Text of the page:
Intimate partner violence & advocacy

While awareness about the diagnosis and treatment of concussion/mild Traumatic Brain Injury (mTBI) has increased in the last decade, most of the focus has been around sports-related injury. Research projects are finding differences in how sex and gender influence recovery outcomes after concussion. One area of research that is growing is women with concussion and mTBI due to intimate partner violence.

  • 35-80% of women affected by IPV experience symptoms of traumatic brain injury[1]
  • 92% of IPV incidents involve hits to the head and face, and strangulation[2]
  • Survivors and care providers can also mistake brain injury symptoms for the emotional distress brought about by the abuse itself[3]

It is estimated that for every NHL player who suffers a concussion during the season, approximately 7,000 Canadian women suffer the same injury at the hands of their intimate partner each year…this equates to about 250,000 new cases every year. 

– Dr. Paul van Donkelaar, co-founder of the Supporting Survivors of Abuse and Brain Injury Through Research (SOAR) project and professor at the University of British Columbia,

The high prevalence of mTBI in victims of intimate partner violence and the challenge this poses in recovery can no longer be overlooked.

Need for more research & collaboration

Existing research is scarce, limiting the ability of health care providers to develop effective supports. The recent funding from the Government of Canada for the SOAR project out of University of British Columbia’s Okanagan is a huge step in the right direction, but we need to ensure there are tools being implemented to support victims today. Without proper supports, victims of IPV can easily fall through the cracks. Often the symptoms of TBI are overlooked. Individuals face challenges managing everyday tasks and then also have to deal with a range of physical, emotional, behavioral, or cognitive issues indicative of post-concussive symptoms. It’s difficult for victims of IPV to enter the recovery stage if they are subjected to repeated injuries.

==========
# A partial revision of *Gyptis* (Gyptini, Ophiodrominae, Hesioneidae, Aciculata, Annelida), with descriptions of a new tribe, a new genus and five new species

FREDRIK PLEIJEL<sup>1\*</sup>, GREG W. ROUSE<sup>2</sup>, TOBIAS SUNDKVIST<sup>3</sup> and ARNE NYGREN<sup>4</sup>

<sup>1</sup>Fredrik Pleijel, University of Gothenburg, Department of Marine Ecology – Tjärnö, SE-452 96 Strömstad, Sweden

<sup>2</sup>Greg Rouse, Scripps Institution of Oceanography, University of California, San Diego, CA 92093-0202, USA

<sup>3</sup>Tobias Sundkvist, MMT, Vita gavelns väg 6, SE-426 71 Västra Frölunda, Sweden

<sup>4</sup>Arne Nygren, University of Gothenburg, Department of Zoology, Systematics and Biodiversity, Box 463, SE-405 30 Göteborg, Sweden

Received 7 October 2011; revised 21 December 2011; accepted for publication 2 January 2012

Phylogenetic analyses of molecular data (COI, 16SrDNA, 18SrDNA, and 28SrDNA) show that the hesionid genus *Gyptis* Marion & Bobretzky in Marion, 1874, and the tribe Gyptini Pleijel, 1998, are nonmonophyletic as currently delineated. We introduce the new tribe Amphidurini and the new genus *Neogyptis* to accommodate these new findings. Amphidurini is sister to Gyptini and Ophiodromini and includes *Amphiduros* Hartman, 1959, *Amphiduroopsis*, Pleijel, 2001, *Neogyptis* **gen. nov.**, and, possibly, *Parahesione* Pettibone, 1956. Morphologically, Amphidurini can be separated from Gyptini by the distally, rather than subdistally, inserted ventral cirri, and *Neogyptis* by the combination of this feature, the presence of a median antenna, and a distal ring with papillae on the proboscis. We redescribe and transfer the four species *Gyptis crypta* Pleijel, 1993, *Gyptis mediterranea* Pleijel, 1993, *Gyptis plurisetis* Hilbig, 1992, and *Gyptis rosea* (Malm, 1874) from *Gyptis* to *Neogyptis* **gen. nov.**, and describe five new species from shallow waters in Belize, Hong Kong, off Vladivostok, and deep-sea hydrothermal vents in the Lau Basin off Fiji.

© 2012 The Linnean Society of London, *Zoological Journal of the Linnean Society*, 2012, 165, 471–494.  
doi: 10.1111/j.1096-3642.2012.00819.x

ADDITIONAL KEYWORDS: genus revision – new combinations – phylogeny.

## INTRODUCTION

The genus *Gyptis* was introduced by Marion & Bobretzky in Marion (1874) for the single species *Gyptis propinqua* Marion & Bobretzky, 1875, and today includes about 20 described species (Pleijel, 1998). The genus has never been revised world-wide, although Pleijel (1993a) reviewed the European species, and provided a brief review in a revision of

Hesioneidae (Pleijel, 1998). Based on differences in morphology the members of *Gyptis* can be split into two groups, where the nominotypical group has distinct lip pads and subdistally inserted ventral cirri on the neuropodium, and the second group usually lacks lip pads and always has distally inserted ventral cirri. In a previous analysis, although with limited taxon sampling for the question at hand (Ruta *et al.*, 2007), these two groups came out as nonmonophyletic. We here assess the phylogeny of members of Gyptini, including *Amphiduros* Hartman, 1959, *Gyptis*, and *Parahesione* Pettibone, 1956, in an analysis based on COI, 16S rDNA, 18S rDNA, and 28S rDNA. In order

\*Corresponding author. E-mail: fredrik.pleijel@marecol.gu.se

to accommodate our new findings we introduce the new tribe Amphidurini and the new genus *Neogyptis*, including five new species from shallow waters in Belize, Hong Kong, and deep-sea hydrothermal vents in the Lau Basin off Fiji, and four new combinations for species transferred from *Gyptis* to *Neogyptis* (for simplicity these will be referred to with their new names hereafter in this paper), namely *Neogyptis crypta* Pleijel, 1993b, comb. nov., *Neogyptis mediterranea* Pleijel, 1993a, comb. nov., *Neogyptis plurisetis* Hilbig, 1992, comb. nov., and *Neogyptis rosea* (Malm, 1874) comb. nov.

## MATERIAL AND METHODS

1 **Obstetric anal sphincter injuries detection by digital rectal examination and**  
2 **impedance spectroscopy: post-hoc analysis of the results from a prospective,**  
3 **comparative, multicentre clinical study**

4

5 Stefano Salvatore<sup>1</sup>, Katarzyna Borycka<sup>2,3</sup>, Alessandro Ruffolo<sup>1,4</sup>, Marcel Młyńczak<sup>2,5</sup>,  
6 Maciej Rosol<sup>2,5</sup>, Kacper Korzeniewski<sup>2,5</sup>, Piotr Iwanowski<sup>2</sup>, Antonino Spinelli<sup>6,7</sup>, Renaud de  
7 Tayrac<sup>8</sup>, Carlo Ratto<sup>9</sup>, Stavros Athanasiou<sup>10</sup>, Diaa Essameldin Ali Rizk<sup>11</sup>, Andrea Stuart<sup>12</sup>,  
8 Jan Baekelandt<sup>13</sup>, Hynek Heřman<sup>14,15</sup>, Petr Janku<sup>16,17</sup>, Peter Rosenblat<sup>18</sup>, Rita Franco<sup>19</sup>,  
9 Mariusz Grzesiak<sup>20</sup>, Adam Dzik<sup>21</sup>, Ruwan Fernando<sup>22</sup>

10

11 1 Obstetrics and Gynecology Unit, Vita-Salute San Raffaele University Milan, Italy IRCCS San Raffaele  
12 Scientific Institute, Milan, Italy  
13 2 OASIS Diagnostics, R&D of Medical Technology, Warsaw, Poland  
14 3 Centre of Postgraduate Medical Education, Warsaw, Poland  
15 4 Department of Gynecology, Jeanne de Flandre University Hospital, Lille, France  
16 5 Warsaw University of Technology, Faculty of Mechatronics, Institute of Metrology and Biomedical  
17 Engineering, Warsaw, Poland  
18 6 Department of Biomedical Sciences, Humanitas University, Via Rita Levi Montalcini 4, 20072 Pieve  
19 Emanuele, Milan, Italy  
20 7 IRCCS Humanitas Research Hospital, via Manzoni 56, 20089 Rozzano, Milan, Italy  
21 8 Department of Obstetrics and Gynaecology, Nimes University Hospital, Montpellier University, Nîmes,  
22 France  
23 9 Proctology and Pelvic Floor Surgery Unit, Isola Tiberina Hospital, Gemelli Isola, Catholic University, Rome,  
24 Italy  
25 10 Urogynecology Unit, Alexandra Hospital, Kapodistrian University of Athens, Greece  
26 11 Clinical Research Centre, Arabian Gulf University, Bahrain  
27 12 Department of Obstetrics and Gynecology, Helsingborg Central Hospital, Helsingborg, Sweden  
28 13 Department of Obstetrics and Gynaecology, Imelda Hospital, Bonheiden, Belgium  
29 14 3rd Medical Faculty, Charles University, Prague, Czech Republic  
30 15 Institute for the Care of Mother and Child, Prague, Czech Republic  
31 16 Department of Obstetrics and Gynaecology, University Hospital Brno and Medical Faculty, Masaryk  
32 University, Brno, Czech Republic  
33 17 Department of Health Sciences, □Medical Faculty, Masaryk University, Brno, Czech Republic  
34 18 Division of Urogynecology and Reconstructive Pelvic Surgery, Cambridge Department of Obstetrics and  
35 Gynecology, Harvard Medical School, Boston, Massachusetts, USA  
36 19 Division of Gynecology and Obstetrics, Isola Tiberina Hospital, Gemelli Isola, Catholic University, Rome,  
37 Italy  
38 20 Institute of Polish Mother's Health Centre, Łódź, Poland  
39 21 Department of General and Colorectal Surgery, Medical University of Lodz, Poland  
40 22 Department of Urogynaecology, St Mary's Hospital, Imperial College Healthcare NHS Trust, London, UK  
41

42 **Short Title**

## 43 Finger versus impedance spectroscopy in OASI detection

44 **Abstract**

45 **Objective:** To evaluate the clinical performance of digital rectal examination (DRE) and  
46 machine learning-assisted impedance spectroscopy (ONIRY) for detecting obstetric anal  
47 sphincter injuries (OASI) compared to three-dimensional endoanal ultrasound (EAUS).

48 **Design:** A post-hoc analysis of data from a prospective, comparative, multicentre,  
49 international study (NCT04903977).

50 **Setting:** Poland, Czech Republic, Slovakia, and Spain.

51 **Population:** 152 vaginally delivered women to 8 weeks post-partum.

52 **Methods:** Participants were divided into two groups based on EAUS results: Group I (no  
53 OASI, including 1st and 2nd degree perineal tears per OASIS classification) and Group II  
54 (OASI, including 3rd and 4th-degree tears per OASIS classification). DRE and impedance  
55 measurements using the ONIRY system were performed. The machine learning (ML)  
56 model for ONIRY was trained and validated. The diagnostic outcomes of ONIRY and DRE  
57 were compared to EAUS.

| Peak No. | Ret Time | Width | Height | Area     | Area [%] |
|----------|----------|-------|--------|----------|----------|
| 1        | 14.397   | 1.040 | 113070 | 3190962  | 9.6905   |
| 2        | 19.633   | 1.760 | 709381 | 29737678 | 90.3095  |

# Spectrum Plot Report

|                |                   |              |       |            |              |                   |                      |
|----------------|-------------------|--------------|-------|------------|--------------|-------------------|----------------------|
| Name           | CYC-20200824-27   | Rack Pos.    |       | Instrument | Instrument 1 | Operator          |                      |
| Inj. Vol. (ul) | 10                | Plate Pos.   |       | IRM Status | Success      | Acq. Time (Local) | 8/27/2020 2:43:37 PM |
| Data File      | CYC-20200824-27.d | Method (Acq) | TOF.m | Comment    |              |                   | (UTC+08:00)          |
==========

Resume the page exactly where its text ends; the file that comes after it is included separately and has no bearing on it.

Along with more research into the relationships between IPV and brain injury, we need more collaboration between researchers and frontline workers who interact directly with victims of IPV. They need more education in recognizing symptoms of brain injury and how to make referrals to specialists. IPV is an immensely complex situation; the more support and education there is for frontline workers and the general community, the more women will be helped.

Key recommendations

  • Raise awareness about IPV-related TBI
  • Educate front-line workers on IPV-related TBI
  • Early identification of IPV-related TBI with standardized, evidence-based screening tools

Implementation of tools and strategies for those living with IPV-related TBI

Ways to advocate for IPV and brain injury supports

Advocating for more education, research and support for victims of IPV and brain injury can happen in a variety of ways.

  • Share information about IPV and brain injury with your networks, indicating the need for supports and education
  • Support organizations and groups advocating for increases in IPV and  brain injury supports
  • Research the issue thoroughly
  • Write to government officials and representatives

Resources on IPV and brain injury

See sources